US Secretary of State John Kerry said on Monday he was “deeply concerned” about Nkurunziza’s decision to stand again, which he said “flies directly in the face of the constitution”.
East African foreign ministers, from neighbouring Rwanda and Tanzania, as well as Kenya and Uganda, have also arrived “to propose ways out of crisis,” foreign ministry spokesman Daniel Kabuto said.
Vice President Prosper Bazombanza has pleaded for protests to end, offering to release demonstrators who have been arrested, lift arrest warrants issued for key civil society leaders and reopen independent radio stations - provided “protests and the insurrection stop”.
A government source, speaking on condition he not be named, had earlier confirmed the government had “agreed to talk with some [Burundian] partners in civil society and the opposition to find a solution.”
But one of leaders of the campaign against Nkurunziza’s third term said they were doubtful the talks would result in a deal.
“I’m afraid we won’t succeed—because the government does not want to discuss the third mandate of Nkurunziza, and this issue is non-negotiable for us,” he said, asking not be named.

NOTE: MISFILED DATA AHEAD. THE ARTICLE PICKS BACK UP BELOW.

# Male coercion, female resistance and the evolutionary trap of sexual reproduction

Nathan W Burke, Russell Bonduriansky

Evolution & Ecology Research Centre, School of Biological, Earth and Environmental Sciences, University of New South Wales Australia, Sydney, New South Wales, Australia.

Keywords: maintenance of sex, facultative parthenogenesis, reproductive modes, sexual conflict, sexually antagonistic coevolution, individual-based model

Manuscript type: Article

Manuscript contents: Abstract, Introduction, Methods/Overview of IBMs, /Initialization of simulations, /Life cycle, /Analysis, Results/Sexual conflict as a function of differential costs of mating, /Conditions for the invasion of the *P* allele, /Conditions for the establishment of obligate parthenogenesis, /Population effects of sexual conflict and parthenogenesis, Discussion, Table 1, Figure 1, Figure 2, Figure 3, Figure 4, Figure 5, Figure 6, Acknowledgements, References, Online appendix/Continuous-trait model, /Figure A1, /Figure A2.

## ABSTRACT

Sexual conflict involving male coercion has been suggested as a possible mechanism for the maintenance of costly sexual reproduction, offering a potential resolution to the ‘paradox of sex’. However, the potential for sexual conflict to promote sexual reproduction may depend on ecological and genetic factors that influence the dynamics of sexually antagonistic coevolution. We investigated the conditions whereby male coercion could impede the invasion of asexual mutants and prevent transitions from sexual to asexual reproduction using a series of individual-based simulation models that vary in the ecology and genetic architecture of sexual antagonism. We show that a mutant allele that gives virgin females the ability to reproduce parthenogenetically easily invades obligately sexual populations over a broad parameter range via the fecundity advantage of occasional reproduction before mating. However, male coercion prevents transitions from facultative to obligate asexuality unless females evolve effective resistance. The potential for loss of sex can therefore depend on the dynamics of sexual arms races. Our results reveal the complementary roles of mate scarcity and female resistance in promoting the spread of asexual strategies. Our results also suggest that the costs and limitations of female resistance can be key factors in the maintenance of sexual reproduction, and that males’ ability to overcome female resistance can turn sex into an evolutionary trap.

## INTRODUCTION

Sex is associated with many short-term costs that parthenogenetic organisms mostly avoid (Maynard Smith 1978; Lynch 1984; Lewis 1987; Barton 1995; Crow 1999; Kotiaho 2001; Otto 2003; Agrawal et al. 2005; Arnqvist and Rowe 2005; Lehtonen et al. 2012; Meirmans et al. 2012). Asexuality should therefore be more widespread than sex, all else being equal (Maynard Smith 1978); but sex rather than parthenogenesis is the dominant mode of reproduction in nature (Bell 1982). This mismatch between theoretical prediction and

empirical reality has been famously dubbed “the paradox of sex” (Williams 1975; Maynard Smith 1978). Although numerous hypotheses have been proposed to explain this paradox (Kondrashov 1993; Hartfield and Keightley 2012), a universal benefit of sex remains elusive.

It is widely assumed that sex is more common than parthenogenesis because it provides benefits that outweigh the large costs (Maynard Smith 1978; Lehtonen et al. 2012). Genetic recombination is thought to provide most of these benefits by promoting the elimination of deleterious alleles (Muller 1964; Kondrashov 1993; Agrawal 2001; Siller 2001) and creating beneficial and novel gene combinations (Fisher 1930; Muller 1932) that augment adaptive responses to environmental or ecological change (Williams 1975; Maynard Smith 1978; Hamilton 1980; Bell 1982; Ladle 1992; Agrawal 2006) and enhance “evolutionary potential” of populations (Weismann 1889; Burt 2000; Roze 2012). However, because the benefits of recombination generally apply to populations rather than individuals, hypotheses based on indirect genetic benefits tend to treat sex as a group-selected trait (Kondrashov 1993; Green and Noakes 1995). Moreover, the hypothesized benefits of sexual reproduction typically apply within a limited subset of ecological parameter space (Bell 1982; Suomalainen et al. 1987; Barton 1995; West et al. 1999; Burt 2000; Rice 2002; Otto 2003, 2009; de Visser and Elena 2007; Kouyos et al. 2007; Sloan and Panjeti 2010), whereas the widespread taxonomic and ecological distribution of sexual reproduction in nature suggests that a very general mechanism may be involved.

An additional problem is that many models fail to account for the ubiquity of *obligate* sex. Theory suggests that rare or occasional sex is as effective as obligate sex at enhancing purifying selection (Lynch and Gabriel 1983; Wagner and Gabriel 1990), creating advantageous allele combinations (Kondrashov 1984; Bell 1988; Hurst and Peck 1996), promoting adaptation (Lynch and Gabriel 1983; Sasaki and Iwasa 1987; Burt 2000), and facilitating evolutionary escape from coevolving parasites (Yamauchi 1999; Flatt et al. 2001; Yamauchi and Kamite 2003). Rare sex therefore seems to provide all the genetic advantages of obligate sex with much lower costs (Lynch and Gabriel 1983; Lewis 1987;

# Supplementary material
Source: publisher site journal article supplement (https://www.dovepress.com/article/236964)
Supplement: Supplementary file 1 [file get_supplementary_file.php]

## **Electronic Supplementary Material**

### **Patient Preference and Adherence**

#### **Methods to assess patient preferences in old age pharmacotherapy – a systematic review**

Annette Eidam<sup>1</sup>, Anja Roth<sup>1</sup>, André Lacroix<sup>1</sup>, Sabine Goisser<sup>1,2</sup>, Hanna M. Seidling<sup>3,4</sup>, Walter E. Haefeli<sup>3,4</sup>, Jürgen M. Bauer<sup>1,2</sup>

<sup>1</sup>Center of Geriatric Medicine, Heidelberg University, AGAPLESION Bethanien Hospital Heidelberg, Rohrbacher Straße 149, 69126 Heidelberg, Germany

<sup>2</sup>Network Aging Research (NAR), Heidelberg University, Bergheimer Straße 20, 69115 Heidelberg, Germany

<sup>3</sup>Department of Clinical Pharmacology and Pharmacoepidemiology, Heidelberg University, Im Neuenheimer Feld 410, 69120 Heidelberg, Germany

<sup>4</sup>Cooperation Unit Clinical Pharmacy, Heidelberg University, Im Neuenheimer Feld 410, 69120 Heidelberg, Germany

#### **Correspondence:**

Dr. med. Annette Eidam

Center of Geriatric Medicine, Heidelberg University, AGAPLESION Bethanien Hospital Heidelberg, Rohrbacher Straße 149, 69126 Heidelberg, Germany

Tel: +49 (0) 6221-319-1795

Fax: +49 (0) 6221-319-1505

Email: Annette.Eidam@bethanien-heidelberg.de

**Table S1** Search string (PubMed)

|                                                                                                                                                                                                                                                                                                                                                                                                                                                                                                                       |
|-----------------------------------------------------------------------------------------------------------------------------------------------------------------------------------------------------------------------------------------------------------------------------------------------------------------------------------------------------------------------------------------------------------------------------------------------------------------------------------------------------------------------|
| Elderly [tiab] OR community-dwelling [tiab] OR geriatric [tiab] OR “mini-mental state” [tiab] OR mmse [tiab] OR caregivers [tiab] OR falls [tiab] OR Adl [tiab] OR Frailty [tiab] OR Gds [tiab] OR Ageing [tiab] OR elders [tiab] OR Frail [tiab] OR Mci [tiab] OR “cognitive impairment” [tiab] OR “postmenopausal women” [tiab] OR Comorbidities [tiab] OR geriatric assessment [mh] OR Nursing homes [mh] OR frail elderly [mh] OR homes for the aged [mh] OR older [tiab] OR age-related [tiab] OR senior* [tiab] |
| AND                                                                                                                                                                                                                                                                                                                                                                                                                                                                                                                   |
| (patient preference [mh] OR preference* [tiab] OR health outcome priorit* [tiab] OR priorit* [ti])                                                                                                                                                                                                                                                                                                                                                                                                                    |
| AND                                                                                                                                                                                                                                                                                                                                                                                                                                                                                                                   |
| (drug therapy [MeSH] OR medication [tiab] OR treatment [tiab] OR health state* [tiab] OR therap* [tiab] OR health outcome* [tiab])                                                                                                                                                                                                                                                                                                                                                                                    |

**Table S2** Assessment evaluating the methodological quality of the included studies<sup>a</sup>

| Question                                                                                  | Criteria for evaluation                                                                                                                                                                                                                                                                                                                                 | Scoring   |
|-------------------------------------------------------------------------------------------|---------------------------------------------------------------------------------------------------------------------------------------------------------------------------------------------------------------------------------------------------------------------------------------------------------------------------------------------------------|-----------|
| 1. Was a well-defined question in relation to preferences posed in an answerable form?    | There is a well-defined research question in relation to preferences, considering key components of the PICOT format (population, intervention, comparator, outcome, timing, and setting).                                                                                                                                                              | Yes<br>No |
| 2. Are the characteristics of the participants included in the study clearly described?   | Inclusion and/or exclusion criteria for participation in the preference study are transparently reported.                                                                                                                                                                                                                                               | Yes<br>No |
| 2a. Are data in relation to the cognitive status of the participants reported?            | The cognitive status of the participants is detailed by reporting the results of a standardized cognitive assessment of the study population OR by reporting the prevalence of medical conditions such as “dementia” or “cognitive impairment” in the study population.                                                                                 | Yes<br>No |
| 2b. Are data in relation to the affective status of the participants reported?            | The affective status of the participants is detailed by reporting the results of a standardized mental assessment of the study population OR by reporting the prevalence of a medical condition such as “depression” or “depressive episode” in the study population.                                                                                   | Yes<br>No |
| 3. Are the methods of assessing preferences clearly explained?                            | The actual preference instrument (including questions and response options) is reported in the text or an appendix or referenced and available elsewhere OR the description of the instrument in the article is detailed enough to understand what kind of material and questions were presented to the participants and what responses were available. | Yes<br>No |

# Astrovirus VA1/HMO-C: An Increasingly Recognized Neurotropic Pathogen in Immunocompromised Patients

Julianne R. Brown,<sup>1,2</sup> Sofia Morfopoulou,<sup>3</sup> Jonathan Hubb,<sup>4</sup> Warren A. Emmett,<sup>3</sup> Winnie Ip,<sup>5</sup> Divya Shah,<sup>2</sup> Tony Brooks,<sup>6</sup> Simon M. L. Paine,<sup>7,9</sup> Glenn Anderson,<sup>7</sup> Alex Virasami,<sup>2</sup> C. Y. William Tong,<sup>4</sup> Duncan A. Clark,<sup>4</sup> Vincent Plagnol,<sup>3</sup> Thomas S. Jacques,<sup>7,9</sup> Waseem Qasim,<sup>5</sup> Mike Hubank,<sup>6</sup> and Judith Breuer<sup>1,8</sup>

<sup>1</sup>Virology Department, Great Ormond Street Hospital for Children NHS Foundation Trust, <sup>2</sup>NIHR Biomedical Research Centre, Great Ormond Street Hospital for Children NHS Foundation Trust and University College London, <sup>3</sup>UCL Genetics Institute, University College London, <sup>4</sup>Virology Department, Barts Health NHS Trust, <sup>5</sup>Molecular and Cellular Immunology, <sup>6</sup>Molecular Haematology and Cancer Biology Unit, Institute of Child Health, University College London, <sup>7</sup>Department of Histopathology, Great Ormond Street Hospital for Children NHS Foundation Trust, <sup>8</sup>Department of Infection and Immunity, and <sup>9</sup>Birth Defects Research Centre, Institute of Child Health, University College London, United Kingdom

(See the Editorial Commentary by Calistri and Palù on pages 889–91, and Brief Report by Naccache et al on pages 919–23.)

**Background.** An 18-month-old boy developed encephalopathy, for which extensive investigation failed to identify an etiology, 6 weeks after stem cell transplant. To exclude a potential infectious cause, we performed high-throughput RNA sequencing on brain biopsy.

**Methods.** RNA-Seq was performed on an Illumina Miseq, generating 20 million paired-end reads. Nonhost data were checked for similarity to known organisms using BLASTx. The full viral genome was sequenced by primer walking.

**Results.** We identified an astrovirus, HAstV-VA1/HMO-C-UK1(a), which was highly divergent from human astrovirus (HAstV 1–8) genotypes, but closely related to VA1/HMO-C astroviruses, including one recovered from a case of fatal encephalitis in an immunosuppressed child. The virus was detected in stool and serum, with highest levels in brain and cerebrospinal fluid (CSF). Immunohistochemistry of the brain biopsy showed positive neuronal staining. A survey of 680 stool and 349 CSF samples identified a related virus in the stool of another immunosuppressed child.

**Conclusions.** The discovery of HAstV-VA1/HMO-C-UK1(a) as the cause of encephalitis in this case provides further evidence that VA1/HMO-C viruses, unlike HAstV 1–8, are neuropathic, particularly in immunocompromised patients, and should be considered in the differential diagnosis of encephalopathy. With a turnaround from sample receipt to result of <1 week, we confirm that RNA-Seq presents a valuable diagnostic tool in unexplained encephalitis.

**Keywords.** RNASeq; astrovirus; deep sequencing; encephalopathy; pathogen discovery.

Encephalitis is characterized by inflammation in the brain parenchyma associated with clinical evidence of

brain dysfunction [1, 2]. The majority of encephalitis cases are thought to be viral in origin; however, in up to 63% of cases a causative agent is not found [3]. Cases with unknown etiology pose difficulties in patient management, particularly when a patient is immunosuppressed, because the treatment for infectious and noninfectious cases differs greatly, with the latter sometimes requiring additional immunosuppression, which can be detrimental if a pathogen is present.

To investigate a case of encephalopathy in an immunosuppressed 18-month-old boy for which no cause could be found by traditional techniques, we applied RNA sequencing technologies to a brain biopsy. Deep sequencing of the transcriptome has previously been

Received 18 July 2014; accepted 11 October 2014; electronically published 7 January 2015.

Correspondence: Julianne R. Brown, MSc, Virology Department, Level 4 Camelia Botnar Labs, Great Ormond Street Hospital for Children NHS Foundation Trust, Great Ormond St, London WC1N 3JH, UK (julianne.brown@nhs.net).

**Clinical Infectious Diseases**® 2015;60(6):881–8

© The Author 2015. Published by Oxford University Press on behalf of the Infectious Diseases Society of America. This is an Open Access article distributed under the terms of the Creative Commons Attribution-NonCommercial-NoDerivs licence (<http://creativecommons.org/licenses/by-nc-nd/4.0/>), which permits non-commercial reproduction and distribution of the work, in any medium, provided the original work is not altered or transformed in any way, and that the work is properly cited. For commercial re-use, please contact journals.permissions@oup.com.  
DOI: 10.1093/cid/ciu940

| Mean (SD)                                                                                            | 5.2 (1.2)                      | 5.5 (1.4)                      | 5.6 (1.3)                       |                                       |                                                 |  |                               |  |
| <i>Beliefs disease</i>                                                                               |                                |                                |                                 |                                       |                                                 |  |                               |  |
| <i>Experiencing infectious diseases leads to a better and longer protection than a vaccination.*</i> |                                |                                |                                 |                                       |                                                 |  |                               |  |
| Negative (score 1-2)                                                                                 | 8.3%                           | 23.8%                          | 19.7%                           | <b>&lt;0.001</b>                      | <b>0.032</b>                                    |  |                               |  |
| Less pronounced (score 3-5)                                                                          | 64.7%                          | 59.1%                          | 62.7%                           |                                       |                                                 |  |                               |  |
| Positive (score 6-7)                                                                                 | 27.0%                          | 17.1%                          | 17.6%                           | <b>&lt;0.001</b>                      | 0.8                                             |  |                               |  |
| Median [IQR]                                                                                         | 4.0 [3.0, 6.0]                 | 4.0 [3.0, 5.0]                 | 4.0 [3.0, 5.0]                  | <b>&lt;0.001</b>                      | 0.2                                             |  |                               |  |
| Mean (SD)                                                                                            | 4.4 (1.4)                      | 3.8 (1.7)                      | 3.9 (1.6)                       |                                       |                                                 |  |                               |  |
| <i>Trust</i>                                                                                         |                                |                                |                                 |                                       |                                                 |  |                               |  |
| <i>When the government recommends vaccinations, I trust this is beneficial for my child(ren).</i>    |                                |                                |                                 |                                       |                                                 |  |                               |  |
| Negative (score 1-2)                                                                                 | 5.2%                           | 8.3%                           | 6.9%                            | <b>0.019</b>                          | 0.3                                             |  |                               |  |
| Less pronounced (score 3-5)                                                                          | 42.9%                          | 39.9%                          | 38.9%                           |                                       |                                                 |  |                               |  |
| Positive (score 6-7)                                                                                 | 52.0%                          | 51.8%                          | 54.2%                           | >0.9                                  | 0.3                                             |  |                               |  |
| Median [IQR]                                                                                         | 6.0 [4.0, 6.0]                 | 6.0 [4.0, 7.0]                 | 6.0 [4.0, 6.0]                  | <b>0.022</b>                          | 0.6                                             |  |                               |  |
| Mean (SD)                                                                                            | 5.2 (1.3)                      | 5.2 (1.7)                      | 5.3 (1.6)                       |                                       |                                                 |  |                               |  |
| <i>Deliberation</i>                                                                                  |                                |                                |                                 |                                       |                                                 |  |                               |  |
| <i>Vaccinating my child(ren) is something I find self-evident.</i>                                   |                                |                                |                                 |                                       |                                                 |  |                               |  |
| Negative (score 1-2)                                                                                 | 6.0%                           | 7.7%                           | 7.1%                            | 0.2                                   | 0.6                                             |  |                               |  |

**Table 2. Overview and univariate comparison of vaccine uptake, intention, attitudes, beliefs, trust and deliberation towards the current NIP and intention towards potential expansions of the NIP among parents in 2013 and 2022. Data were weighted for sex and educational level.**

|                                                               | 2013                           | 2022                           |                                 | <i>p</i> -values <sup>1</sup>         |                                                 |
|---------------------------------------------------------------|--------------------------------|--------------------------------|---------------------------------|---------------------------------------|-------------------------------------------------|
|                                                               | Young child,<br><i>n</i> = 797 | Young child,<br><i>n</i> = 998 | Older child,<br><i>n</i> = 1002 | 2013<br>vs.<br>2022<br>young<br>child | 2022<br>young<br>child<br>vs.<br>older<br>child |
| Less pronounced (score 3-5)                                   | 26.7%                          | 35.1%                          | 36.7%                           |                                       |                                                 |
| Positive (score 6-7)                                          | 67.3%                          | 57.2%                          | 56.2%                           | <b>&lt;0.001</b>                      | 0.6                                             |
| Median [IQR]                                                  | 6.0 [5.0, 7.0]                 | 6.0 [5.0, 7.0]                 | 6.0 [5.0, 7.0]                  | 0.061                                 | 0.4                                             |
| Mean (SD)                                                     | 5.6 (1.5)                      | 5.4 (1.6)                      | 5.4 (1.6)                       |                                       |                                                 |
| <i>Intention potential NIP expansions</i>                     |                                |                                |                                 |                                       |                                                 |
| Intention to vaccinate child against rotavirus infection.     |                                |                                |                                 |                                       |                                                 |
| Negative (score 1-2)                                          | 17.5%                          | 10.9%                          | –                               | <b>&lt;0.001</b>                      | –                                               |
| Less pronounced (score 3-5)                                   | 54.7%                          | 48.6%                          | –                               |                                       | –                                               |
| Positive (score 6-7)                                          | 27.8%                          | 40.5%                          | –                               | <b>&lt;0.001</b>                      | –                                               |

Rwanda has warned Burundi it must protect civilians saying it was concerned at “reports” violence was linked to ethnic Hutu rebels of the Democratic Front for the Liberation of Rwanda (FDLR), who fled Rwanda into Democratic Republic of Congo (DRC) after the 1994 genocide of mainly Tutsi people there.
A UN truck is seen at the MONUSCO base near Kibumba village, North Kivu, on April 23, 2015. (Photo/AFP).
That is one of the factors making the current upheaval in Burundi dangerous. In the past, Rwanda did not feel so threatened with developments inside Burundi.
With a policy of pre-emptive strikes against what it calls “genocidal” forces, Rwanda has previously sent troops into DR Congo to target the rebels.
Burundi’s foreign ministry dismissed the reports, saying such forces would not be “tolerated on Burundian territory.”
It waits to be seen if his assurance will calm Kigali regional nerves, but the Hutu youth militia Imbonerakure have been accused of distributing leaflets in the north of Burundi threatening Tutsi villagers.
That would have disconcerted the ruling Rwanda Patriotic Front (RPF) government in Kigali further, as it would resurrect the ghosts the 1994 genocide in which one million Rwandese, mostly Tutsi, were butchered by Hutu extremist militia Interahamwe.
An FDLR foothold in Burundi would not only signal the rise of the extreme elements in so-called “Hutu power” politics, but would mean Rwanda would be sandwiched between the rebels to the north and south.
Great Lakes destabilisation